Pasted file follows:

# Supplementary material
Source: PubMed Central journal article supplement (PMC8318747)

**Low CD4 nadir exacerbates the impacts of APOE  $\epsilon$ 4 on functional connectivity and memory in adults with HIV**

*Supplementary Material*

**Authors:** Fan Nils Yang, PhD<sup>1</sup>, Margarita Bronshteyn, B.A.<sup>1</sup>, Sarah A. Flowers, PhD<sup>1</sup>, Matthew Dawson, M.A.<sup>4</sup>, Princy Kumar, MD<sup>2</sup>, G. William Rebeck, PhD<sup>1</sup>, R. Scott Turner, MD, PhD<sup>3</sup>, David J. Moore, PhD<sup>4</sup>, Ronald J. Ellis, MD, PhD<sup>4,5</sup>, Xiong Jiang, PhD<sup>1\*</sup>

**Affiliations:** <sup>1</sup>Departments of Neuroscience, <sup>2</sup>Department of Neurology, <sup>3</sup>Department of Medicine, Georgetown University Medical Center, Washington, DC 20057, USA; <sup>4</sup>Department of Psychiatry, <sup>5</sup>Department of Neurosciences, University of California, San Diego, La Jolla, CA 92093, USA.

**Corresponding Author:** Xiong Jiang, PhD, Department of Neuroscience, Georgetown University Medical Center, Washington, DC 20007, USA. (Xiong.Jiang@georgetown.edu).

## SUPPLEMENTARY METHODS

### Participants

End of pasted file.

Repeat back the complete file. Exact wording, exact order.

# Supplementary material
Source: PubMed Central journal article supplement (PMC8318747)

**Low CD4 nadir exacerbates the impacts of APOE  $\epsilon$ 4 on functional connectivity and memory in adults with HIV**

*Supplementary Material*

**Authors:** Fan Nils Yang, PhD<sup>1</sup>, Margarita Bronshteyn, B.A.<sup>1</sup>, Sarah A. Flowers, PhD<sup>1</sup>, Matthew Dawson, M.A.<sup>4</sup>, Princy Kumar, MD<sup>2</sup>, G. William Rebeck, PhD<sup>1</sup>, R. Scott Turner, MD, PhD<sup>3</sup>, David J. Moore, PhD<sup>4</sup>, Ronald J. Ellis, MD, PhD<sup>4,5</sup>, Xiong Jiang, PhD<sup>1\*</sup>

**Affiliations:** <sup>1</sup>Departments of Neuroscience, <sup>2</sup>Department of Neurology, <sup>3</sup>Department of Medicine, Georgetown University Medical Center, Washington, DC 20057, USA; <sup>4</sup>Department of Psychiatry, <sup>5</sup>Department of Neurosciences, University of California, San Diego, La Jolla, CA 92093, USA.

**Corresponding Author:** Xiong Jiang, PhD, Department of Neuroscience, Georgetown University Medical Center, Washington, DC 20007, USA. (Xiong.Jiang@georgetown.edu).

## SUPPLEMENTARY METHODS

### Participants